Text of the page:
Yesterday morning I saw this post, which led to research, and which led further to realizing that geohashing is a legitimate way to kill some time, and that there are tools out there to make it easier to determine the day’s location. I found that West Denver’s location for today (Denver is split into two major areas because of the way the process works) was about 5 minutes from the top of a mountain. This mountain turns out to be called Pendleton, and there is zero information about it out there, which isn’t surprising since it’s “only” at 12,275′. If there’s one thing I’ve learned in CO, it’s that once you get down below 14,000′, no one seems to care anymore. After hours of planning, I found a route that would work, though no trail was expected. I was able to convince Nate to come along for this boondoggle, and picked him up at 7am.

An hour and a half later, we were starting from Guanella Pass Road, a few miles from the road closure (which has been closed for several months now, due to a rock slide). This is the view from the car, with nary a trail or road in sight.

Nate was characteristically excited to get started.

I was just glad to be out in the mountains. There’s not much like a mountain boondoggle to clear your head.

For a while we were practically crawling, as it was steep, fairly loose, and full of underbrush.

It made for some decent photos at least.

Aaaaannd…more bushwhacking.

Eventually things started to open up a little, though not entirely.

This pipe was riveted together from sheet metal. Unreal.

After more trudging through the snow and downed trees, we at last hit treeline.

My GPS’ compass was acting weird, which led to a bit of meandering through the alpine tundra.

At long last, the point was reached. Note that the elevation shown is off; the correct elevation is roughly 12,135′.

Hero shot!

The summit of Pendleton Mountain was only a few hundred feet away, so off we went; and a minute or two later, we were there. The register was much like the one I found on Mount Goliath a few years ago, a simple mason jar left by Gerry Roach. This one was left in 2006, with fewer than 10 people checking in since.

It’s ok, we’re from the internet.

America’s finest beer, two non-consecutive years over a spread of 114 years.

I can say with near-certainty that no one has ever had pants as bright as mine on this mountain.

What separates cool, historic structures from old crap? If it’s fallen down, it’s old crap.

There are apparently no photos from much farther down, as we were just wanting to get down and back to the car. We followed a trail for a while, but eventually had to bushwhack down the steep, loose crap that we had to fight our way up through. It certainly was a boondoggle, but what an adventure!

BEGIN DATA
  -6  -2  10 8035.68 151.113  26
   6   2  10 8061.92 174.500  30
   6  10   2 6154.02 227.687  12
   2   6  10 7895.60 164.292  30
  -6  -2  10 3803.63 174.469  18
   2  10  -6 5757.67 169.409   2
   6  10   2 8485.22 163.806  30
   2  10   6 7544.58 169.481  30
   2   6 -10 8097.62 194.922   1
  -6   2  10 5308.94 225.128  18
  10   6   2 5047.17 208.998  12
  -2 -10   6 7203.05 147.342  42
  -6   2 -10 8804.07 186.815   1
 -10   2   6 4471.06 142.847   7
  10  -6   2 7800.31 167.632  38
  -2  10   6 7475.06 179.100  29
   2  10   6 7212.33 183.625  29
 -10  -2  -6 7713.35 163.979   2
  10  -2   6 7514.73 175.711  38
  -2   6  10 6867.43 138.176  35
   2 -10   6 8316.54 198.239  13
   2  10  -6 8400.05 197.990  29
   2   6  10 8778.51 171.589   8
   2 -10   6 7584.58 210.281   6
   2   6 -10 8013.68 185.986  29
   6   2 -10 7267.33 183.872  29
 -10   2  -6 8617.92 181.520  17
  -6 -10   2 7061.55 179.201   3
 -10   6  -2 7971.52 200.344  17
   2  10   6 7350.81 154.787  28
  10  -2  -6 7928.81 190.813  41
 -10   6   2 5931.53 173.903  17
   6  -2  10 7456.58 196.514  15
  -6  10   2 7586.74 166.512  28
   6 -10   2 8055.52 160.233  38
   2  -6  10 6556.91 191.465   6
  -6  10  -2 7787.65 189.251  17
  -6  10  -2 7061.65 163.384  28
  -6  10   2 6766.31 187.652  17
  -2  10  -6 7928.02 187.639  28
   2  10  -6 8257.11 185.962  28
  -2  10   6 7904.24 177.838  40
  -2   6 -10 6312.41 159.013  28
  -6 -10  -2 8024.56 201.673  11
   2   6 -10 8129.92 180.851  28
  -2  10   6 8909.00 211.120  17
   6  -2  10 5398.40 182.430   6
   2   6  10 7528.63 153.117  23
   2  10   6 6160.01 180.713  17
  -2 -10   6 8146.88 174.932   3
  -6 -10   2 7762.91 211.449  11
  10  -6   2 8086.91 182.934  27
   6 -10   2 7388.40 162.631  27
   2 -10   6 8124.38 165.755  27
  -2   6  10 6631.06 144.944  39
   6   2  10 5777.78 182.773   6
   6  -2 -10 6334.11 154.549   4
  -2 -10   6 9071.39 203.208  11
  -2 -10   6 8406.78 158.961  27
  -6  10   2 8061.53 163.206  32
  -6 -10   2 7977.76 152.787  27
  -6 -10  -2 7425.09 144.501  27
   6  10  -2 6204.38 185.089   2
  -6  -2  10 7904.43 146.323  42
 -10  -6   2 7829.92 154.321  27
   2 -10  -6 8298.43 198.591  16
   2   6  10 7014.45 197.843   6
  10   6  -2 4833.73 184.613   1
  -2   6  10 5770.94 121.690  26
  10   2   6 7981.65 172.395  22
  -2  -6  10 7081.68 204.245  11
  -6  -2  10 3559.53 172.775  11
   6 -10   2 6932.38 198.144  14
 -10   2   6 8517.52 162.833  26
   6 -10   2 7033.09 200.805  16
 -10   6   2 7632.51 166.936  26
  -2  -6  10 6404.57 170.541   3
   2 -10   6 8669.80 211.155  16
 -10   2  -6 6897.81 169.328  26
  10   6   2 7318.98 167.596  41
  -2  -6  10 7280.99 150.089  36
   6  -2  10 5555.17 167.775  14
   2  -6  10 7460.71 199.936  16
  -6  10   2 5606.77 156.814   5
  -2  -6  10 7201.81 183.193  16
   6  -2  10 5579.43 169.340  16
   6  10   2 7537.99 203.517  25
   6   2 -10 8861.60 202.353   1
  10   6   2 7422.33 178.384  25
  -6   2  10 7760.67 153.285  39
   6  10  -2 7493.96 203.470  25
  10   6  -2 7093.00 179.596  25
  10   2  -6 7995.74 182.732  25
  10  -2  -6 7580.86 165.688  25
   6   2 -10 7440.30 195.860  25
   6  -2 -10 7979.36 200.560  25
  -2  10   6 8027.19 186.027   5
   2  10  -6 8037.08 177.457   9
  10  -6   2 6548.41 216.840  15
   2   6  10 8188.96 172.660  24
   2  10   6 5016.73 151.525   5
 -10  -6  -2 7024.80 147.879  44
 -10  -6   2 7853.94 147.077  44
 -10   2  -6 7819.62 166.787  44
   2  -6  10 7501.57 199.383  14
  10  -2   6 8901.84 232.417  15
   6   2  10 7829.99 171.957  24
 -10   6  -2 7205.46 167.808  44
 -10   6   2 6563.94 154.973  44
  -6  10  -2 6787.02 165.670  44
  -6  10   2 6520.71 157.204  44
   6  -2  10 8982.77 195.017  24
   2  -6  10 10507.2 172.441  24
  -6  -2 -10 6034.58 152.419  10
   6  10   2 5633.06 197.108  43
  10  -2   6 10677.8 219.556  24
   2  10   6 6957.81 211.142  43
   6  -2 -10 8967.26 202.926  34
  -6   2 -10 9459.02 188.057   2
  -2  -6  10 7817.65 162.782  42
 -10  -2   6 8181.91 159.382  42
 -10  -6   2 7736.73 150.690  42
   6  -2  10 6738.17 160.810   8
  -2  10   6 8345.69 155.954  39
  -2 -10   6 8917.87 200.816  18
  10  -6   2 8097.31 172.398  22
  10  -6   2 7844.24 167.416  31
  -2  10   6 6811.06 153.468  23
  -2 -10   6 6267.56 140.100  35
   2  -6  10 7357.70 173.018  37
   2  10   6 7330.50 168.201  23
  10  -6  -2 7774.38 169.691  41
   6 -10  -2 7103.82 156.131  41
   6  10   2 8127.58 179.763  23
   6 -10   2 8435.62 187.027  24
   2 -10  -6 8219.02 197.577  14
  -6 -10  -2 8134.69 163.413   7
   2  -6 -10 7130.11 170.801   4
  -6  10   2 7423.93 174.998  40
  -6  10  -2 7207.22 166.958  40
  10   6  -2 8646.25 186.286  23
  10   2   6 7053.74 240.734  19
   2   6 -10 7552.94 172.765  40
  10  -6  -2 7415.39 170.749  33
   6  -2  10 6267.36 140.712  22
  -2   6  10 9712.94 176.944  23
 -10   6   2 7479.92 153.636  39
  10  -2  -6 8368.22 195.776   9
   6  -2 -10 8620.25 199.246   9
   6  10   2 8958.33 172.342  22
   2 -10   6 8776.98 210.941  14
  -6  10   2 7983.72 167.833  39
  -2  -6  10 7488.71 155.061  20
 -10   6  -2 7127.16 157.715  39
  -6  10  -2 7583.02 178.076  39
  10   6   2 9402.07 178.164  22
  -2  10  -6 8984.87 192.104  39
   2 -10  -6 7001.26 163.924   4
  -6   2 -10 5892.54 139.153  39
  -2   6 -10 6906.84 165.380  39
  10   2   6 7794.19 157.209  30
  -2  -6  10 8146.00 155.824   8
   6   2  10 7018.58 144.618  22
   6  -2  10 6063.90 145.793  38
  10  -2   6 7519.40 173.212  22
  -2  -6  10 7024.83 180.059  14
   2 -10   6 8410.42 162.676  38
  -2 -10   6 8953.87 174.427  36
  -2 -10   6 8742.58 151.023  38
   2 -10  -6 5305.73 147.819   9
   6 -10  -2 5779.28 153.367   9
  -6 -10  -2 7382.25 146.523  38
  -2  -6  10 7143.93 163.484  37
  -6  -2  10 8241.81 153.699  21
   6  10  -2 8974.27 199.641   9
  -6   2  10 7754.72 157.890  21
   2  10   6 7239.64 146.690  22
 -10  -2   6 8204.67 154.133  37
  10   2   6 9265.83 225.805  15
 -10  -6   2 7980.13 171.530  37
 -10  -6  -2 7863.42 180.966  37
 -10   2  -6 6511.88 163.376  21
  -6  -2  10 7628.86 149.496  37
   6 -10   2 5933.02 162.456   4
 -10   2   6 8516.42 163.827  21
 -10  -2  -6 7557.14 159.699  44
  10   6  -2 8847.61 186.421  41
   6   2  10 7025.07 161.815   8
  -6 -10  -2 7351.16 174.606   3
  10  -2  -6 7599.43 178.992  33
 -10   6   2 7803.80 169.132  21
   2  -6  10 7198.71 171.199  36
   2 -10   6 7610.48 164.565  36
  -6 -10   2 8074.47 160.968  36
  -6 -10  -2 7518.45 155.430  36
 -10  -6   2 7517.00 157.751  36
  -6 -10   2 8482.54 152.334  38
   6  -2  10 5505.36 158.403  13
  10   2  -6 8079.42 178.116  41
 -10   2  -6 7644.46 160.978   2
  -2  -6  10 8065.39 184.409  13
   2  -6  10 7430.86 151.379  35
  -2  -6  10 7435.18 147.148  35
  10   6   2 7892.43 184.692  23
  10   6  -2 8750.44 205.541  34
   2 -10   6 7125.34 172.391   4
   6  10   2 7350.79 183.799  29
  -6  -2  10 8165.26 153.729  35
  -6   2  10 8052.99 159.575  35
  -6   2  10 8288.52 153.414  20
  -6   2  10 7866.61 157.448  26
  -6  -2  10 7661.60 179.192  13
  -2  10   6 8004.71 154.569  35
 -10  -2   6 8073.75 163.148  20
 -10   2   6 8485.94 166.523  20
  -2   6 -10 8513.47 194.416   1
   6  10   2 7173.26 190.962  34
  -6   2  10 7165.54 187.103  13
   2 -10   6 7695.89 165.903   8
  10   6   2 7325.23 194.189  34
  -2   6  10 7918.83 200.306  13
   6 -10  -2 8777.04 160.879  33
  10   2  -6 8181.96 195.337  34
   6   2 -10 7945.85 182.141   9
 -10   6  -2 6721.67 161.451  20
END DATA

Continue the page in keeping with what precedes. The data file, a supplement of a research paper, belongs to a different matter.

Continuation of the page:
Back to Longs Peak

“I want to drink SO MUCH BEER.”

It’s early Saturday morning and Nate is talking about how many pitchers he’s going to order when we get to the Dark Horse. Most of Denver is still asleep.

To be fair, it had already been a long day at that point. I’d been up since 11:15pm (after a 4 hour nap). Nate had the luxury of sleeping in an extra half hour. We were on our way down from the summit of Longs Peak, after sprinting up the Homestretch to catch sunrise by less than a minute.

It was a great morning. Despite only getting a few hours of sleep and waking up before most people we know had even gone to bed, we were able to keep a fast, comfortable pace all the way to the top. Here’s Nate enjoying the view as well as his chapstick during sunrise. One person passed us on the way up and was waiting for the sun to come up on top, but had to head down before it did, as he was getting too cold to stand around despite the total lack of wind.

And a look over to Meeker.


The view to the Northwest.

The view across the Narrows on the way down. We would pass a couple people through here, but not enough to cause any slowdowns.

When we hit the Trough, we saw the train of people who’s headlights we saw marching up towards the keyhole a couple hours prior. 30 minutes later on the way down and we would’ve hit a major logjam. I counted 48 people in this photo, and the top of the trough isn’t even visible. There are dozens upon dozens of people below us.

We were asked by countless people, “how much longer to the top?” Nate told one guy who asked low in the trough “about an hour.” He was dismayed as he had been told an hour by the guy who left ahead of us roughly half an hour earlier. Nate’s guess was accurate (if not on the low side) based on the guy’s current pace, but of course not what he wanted to hear. The estimates of course got longer as we progressed, until we neared the keyhole and the response became “about as long as it’s taken you to get this far.” This is really not what people wanted to hear. It actually became entertaining to be the mountain’s unofficial demoralizers to people with shiny new gear and absolutely no idea what they were doing.